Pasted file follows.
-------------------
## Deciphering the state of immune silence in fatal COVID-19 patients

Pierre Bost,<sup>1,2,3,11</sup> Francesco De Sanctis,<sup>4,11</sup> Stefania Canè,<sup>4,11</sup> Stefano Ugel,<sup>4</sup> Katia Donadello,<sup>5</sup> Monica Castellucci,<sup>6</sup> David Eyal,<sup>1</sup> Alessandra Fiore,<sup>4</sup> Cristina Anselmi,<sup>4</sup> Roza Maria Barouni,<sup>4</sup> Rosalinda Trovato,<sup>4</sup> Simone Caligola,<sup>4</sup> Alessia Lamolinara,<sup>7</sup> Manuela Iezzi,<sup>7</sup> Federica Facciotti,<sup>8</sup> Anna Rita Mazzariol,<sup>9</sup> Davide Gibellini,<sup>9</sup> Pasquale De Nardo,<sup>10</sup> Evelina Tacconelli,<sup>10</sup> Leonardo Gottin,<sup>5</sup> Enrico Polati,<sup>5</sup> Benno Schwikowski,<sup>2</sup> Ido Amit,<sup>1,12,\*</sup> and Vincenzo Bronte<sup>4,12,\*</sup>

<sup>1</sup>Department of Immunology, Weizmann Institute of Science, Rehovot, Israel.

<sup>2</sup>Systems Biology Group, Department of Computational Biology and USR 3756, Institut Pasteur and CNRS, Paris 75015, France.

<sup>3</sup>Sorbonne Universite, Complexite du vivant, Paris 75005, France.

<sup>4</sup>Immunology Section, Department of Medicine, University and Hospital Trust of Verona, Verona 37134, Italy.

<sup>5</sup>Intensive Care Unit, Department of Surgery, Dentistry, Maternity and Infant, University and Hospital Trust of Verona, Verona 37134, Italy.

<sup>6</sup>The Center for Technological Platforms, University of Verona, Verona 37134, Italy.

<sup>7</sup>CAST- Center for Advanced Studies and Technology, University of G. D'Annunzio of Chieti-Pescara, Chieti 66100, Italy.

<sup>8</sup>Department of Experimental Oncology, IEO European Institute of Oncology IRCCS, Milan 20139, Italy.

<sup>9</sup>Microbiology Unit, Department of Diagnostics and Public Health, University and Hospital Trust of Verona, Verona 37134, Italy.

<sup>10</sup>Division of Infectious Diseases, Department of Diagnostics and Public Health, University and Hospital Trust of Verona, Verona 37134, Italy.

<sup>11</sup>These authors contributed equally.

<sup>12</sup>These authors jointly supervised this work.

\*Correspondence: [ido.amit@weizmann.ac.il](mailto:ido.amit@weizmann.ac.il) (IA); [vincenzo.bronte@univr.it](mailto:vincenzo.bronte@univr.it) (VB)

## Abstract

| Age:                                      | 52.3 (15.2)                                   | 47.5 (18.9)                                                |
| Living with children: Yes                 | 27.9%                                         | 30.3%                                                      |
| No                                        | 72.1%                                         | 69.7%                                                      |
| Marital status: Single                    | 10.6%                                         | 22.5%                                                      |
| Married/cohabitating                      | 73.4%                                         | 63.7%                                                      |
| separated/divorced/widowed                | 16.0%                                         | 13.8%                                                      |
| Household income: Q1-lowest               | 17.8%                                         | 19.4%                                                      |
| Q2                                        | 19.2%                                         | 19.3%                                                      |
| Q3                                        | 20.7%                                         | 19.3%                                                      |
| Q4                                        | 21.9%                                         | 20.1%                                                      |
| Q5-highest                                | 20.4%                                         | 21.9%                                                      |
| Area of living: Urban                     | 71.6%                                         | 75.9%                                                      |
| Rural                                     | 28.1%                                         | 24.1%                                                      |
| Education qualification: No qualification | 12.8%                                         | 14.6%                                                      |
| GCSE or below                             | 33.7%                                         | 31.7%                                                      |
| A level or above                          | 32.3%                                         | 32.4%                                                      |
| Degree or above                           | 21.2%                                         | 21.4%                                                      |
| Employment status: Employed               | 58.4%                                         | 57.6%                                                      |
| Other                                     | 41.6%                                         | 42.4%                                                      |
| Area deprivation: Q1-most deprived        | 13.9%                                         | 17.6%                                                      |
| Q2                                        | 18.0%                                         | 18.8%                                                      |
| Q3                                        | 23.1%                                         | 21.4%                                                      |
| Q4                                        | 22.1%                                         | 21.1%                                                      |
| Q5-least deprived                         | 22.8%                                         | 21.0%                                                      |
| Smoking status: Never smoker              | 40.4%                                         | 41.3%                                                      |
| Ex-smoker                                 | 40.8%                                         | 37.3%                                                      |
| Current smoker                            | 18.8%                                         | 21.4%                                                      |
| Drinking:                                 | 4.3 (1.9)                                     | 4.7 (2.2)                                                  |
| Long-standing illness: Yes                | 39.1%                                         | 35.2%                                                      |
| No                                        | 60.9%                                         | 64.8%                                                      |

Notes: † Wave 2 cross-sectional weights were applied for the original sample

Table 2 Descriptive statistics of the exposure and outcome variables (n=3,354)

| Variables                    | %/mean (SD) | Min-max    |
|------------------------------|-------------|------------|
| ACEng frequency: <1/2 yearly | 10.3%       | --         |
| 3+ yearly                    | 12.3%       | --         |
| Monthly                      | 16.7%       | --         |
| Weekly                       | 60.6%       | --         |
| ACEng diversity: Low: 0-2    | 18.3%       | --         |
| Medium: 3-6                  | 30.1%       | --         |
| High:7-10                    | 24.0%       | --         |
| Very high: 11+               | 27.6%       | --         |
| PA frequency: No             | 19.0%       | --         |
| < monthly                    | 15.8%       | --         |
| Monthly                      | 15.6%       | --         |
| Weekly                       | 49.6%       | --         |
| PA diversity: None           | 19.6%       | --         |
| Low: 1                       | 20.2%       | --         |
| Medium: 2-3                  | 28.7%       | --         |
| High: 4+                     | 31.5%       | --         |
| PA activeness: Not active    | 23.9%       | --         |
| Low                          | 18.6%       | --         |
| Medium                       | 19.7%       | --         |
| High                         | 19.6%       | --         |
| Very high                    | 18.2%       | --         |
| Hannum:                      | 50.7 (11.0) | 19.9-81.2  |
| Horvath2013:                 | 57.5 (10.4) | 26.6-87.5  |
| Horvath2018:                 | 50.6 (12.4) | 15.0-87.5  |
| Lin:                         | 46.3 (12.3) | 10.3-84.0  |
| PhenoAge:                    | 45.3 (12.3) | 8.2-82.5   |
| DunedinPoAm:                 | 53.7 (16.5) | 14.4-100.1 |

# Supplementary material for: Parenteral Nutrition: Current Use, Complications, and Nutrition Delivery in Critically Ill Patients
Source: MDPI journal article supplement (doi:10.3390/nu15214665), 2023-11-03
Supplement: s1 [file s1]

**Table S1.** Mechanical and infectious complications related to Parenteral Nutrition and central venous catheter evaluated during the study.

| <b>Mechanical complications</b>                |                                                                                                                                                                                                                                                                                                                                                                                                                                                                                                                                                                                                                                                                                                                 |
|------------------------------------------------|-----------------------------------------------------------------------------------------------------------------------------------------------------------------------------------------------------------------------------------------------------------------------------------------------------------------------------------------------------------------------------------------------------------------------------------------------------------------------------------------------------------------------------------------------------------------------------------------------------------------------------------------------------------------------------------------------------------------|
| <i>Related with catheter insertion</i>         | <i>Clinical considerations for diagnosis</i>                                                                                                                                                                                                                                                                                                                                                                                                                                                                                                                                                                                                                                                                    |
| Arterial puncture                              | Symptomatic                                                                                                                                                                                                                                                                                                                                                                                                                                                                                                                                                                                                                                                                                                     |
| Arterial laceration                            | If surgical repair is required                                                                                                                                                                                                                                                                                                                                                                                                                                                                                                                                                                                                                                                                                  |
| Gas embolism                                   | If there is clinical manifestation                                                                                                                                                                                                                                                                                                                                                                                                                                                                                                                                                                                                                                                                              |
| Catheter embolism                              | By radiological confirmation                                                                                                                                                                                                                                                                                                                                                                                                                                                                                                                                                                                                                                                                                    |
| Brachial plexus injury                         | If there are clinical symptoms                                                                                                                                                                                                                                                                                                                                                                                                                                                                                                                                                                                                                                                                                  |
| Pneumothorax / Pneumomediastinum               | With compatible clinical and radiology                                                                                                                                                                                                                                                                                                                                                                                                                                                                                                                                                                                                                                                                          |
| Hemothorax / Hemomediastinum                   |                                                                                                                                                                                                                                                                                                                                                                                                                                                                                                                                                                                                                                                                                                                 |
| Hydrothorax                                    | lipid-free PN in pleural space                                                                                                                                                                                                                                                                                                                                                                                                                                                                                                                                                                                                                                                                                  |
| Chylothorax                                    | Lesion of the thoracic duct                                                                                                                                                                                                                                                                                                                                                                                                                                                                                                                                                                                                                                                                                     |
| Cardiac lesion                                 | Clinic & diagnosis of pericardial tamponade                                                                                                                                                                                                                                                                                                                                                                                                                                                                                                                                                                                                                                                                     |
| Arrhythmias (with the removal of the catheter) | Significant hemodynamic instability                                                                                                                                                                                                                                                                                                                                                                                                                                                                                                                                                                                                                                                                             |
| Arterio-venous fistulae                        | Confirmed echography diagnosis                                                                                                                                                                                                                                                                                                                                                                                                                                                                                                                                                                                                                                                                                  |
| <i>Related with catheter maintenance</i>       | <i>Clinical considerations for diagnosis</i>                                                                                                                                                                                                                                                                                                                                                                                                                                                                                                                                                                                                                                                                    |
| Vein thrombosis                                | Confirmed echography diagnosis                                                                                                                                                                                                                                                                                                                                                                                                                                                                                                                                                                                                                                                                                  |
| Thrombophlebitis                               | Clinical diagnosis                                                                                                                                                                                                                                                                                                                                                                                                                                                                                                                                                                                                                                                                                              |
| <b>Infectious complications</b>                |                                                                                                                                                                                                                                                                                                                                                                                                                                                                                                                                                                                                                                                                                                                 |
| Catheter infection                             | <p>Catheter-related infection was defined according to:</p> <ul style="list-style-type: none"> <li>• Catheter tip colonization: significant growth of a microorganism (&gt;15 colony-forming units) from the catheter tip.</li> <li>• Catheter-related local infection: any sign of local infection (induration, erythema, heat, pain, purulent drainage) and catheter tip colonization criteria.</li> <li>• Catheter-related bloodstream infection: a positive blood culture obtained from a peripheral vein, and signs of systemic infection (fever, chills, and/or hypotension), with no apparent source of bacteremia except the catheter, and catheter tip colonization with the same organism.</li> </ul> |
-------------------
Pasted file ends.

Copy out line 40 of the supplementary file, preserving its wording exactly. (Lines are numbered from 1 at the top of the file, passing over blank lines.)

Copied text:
| Q5-least deprived                         | 22.8%                                         | 21.0%                                                      |